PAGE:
The employee has not established, by a preponderance of the evidence, that Mr. Schacher has foundation for his opinion regarding the causal relationship of the employee’s mental health condition to his work injury.
(Emphasis added). However, as the employee points out, Mr. Schacher is not the only provider who related the employee’s depression to his work injury. Rather, there is other medical evidence that would support the conclusion that the employee’s psychological condition was substantially related to his ongoing pain, including some treatment records from the employee’s hospitalization at Regions in October of 2009, some of Dr. Brever’s records, and some records of Mr. Tompkins. Furthermore, contrary to the compensation judge’s statement, Mr. Schacher clearly had foundation for his opinion regarding causation, as a mental health professional who was actually treating the employee for his psychological symptoms. See, e.g., Drews v. Kohl’s, 55 W.C.D. 33 (W.C.C.A. 1996). We would also note that Mr. Schacher’s reports were cosigned by his behavioral health clinical supervisor.
With regard to her denial of the claimed referral to Dr. Monsein, the compensation judge concluded only that “[t]he employee has received pain management treatment and evaluation from Dr. Janiga. Based upon a preponderance of the evidence, the employee has not established entitlement to a referral to Dr. Monsein or for further chronic pain management.” No other explanation was given. However, Dr. Janiga and Dr. Monsein provide entirely different kinds of treatment for pain, and it was in fact Dr. Janiga who originally referred the employee to Dr. Monsein for additional care. It would be one thing had the compensation judge accepted the employer’s argument that the employee had fully recovered, but she did not do so. Given her findings of continuing physical injury and her lack of explanation, we are uncertain of the judge’s basis for denying this claim.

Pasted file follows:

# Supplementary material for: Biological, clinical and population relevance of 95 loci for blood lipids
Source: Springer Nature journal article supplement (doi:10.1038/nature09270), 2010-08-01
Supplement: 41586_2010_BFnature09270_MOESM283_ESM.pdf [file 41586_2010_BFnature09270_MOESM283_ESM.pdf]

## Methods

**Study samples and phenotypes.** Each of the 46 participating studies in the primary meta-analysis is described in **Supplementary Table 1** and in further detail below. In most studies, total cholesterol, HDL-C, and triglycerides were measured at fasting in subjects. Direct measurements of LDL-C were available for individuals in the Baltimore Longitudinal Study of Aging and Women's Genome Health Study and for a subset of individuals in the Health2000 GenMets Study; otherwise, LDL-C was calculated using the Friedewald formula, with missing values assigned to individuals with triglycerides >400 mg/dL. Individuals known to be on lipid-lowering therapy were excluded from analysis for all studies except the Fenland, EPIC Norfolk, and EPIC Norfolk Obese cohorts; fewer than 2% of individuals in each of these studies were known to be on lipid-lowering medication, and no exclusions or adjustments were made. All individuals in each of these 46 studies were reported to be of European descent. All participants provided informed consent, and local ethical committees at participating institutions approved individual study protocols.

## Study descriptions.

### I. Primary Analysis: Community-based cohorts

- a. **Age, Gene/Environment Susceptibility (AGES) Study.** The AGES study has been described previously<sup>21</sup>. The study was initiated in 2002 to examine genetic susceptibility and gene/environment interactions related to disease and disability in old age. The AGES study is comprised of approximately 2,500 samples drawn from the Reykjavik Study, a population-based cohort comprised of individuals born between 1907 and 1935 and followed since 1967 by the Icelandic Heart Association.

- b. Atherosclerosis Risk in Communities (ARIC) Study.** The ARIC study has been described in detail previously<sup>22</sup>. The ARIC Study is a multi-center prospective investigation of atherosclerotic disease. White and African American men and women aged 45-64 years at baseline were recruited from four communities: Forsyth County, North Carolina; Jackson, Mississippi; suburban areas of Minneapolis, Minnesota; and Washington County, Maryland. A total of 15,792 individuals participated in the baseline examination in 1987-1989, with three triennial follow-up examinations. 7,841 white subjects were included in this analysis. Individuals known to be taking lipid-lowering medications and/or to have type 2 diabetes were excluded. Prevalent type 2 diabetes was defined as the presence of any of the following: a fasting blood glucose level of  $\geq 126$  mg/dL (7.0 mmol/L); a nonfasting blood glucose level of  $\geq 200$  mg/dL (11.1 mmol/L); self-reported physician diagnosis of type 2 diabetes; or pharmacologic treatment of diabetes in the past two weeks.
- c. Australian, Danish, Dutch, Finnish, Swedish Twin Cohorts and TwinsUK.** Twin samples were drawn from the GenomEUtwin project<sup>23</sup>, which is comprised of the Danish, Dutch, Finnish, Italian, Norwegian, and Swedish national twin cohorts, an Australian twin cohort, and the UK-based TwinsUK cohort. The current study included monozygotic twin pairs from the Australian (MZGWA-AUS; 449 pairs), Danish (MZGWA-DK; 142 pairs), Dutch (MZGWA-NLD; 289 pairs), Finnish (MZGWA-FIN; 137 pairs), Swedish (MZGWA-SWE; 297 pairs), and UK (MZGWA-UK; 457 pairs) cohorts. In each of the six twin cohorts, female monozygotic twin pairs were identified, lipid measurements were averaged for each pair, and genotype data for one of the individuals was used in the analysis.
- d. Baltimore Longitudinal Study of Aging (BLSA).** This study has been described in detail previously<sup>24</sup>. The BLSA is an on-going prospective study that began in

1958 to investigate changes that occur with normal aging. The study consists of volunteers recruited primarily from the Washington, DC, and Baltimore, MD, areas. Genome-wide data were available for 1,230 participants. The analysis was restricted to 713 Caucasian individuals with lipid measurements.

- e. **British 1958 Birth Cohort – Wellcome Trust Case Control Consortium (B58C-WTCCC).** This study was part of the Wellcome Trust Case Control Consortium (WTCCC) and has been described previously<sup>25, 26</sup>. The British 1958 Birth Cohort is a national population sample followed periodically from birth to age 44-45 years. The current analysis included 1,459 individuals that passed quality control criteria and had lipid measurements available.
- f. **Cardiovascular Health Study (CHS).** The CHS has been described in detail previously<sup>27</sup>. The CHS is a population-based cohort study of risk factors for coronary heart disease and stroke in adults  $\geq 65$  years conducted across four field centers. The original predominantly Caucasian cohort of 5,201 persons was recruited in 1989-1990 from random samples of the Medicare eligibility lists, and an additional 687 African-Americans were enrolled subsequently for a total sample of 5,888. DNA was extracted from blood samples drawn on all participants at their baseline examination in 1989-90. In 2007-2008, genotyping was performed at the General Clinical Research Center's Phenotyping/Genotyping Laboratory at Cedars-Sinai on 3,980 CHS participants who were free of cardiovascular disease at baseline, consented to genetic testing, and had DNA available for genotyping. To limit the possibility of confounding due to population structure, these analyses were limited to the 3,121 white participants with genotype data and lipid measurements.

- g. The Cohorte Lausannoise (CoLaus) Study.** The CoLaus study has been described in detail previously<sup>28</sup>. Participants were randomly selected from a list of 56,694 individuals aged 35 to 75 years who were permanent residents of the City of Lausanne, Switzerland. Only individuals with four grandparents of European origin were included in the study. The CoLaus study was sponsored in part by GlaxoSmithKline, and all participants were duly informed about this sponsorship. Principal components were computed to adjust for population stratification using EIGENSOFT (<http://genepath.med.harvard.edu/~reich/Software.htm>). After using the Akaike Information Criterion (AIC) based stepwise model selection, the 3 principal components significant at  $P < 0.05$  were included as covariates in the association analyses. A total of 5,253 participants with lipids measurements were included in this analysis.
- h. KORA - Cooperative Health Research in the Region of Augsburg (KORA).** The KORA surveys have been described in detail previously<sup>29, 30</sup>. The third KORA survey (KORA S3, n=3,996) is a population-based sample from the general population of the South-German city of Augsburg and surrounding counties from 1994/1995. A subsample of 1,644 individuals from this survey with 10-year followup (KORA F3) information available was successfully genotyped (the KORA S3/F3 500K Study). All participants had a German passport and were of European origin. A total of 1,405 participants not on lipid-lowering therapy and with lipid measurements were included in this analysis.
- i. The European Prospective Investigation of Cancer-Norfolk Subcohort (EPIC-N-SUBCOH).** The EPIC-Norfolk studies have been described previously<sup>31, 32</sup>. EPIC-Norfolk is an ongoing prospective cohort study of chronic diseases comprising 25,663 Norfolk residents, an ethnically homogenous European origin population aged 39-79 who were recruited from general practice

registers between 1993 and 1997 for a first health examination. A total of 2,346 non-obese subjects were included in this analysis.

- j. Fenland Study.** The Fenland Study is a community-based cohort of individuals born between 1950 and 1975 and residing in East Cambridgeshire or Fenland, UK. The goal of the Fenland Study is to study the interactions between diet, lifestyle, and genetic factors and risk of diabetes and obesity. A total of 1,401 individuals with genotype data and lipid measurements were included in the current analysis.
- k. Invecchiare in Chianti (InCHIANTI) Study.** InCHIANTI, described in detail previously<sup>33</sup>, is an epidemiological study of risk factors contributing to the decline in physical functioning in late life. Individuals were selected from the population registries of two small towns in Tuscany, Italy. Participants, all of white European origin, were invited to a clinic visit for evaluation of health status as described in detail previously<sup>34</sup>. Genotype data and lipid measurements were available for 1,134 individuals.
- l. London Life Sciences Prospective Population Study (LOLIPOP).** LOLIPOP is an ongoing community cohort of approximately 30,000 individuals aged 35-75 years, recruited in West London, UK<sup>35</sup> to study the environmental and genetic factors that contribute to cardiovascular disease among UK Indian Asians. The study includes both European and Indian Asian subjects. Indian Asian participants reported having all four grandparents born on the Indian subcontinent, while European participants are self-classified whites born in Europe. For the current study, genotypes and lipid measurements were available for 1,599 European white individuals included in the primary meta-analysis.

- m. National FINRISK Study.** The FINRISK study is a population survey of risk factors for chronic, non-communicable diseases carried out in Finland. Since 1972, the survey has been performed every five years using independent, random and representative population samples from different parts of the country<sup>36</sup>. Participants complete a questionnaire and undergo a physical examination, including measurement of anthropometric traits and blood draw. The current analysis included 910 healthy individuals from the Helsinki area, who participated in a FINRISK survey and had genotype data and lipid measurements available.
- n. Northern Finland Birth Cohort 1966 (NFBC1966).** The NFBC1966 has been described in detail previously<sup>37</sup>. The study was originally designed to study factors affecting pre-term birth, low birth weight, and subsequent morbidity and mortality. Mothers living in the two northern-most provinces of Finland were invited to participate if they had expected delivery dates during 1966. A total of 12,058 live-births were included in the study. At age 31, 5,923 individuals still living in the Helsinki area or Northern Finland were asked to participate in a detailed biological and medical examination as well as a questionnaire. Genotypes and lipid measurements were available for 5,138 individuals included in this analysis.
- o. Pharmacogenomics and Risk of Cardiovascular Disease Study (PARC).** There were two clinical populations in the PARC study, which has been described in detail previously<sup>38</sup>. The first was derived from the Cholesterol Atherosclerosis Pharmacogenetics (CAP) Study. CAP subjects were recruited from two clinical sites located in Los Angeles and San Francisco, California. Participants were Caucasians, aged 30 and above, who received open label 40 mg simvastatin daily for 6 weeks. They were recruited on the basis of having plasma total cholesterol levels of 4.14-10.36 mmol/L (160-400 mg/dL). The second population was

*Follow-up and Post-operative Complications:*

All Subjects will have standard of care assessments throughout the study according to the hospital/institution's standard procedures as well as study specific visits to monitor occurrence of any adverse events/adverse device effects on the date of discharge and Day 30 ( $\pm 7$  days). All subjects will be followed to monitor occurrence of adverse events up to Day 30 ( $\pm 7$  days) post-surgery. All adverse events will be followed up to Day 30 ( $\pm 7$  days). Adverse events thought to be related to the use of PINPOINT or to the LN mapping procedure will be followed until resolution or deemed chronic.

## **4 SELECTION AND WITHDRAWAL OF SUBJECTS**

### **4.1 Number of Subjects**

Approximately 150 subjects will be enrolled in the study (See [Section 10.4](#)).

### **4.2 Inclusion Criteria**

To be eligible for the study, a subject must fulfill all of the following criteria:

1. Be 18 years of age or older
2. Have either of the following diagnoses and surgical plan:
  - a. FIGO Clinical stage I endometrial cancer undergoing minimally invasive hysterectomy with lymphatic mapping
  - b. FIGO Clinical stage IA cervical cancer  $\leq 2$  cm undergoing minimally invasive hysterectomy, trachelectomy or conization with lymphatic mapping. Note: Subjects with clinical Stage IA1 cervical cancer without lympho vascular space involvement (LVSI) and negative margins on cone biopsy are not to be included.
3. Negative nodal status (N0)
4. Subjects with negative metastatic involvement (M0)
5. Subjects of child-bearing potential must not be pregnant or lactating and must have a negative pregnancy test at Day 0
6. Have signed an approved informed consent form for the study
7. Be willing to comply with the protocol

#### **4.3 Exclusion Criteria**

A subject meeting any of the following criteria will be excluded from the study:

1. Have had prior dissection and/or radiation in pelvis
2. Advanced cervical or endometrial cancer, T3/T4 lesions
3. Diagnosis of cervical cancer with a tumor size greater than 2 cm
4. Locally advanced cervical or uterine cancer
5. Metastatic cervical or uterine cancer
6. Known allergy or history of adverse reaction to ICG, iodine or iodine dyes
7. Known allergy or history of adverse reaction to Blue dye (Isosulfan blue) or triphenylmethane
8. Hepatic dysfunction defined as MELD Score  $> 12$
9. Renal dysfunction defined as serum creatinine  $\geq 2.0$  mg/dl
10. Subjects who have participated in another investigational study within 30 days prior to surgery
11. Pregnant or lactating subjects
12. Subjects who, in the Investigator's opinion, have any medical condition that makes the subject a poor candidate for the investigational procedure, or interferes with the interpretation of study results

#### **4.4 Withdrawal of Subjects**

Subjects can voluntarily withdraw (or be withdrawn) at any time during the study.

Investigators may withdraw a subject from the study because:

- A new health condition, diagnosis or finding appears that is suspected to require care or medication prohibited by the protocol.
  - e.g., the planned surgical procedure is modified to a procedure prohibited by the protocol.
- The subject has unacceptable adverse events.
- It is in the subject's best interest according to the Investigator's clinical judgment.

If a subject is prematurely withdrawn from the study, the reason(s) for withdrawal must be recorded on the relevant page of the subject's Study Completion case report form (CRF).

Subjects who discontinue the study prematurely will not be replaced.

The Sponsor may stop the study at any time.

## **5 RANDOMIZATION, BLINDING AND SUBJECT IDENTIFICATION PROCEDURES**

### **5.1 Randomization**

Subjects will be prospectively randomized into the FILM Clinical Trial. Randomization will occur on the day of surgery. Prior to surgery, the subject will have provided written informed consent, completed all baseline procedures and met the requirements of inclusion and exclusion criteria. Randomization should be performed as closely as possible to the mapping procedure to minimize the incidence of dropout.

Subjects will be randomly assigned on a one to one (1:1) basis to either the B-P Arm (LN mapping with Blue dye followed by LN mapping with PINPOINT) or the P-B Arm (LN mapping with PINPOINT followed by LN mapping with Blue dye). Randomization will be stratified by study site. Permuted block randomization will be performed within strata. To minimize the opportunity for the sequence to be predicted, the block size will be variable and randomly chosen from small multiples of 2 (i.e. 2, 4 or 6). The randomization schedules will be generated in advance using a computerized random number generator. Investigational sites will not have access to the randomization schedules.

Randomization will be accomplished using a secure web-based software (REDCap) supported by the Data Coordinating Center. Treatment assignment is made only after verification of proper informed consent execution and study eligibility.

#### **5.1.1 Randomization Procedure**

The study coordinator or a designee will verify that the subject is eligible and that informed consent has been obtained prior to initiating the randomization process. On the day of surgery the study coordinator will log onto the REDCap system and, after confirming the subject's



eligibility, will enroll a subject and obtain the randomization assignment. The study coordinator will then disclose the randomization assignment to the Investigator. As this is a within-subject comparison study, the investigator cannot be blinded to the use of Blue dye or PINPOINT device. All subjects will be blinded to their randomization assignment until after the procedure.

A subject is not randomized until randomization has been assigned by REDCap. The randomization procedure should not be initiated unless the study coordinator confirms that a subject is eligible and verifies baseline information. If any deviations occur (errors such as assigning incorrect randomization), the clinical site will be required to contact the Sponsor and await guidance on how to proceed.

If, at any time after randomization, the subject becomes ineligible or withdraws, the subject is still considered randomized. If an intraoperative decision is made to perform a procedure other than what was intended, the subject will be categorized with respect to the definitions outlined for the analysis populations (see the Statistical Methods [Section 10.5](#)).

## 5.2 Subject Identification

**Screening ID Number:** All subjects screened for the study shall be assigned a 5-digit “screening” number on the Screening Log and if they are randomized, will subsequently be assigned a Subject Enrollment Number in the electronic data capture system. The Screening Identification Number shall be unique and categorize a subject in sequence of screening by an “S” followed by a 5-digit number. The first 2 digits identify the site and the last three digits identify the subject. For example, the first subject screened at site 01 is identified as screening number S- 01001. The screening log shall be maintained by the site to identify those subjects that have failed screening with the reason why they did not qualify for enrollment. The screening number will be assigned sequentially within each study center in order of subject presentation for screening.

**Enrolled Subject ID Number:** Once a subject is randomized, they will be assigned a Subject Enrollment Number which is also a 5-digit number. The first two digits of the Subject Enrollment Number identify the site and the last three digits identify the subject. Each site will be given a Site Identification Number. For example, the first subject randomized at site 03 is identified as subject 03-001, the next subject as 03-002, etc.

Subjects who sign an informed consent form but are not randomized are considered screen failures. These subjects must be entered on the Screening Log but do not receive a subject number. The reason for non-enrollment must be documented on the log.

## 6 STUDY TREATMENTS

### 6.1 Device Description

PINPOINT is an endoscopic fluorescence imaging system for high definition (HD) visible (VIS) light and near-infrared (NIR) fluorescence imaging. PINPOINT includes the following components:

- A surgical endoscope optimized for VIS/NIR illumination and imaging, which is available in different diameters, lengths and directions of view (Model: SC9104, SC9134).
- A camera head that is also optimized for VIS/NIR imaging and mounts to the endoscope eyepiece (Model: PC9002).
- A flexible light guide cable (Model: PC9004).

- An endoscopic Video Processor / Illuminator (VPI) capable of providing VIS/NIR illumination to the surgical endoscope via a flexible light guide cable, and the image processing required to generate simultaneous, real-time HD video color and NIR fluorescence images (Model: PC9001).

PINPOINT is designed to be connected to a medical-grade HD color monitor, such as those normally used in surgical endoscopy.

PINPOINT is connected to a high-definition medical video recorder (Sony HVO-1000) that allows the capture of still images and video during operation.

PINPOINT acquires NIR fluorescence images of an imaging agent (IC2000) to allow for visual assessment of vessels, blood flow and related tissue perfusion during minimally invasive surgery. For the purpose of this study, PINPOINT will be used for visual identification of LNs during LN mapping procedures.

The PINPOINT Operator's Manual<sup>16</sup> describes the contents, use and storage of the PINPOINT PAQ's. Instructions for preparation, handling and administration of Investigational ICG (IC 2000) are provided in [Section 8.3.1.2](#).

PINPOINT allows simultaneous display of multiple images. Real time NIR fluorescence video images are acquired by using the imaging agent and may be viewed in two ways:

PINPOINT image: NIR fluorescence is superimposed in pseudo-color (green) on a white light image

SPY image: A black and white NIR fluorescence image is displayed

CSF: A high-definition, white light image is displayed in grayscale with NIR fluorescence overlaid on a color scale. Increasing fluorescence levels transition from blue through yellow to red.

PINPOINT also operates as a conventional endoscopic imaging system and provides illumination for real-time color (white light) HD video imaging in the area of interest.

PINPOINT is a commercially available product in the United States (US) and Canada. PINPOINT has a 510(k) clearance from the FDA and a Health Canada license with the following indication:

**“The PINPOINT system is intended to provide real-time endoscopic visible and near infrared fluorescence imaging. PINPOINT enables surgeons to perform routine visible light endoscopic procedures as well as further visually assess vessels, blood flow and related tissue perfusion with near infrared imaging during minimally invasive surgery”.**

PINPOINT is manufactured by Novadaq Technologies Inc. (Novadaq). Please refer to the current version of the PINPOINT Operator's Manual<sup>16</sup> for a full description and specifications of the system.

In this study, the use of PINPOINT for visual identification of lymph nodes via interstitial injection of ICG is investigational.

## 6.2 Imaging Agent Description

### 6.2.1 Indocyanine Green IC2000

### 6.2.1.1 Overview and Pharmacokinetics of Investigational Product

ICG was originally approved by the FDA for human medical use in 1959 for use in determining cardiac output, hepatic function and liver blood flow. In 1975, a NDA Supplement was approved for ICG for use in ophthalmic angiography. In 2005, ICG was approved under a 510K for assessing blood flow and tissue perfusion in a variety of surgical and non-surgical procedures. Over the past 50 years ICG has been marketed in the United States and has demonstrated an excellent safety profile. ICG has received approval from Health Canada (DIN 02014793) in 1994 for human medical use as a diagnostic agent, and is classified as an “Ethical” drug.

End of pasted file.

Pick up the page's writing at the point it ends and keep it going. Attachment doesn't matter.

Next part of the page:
Similarly, in rejecting the employee’s claim for a functional capacities evaluation, the compensation judge noted that Dr. Janiga had recommended the evaluation given the employee’s ongoing subjective complaints, but the judge then concluded, again without further explanation, that “[i]t is determined that subjective complaints are insufficient to establish entitlement to a Functional Capacities Evaluation.” We, however, are aware of nothing in the law to support the compensation judge’s reasoning. That is, we find no authority for the proposition that the right to a functional capacities evaluation is dependent on the presence of objective findings on exam.
We are also concerned that the judge’s findings are at least arguably inconsistent. Many of those findings contain detailed accounts of evidence suggesting that the employee is not disabled, including descriptions of the employee’s activities on surveillance, suggestions in medical records that the employee is malingering, and medical opinions indicating that the employee is capable of working without restrictions. Yet the compensation judge then went on to accept Dr. Brever’s opinion that the employee continues to require restrictions and ongoing treatment, while at the same time rejecting some claims for treatment of the employee’s primary complaint - - pain - - without real explanation. In fact the compensation judge did not expressly either accept or reject the contention that the employee was suffering from “chronic pain,” despite listing that as an issue both at hearing and in her decision.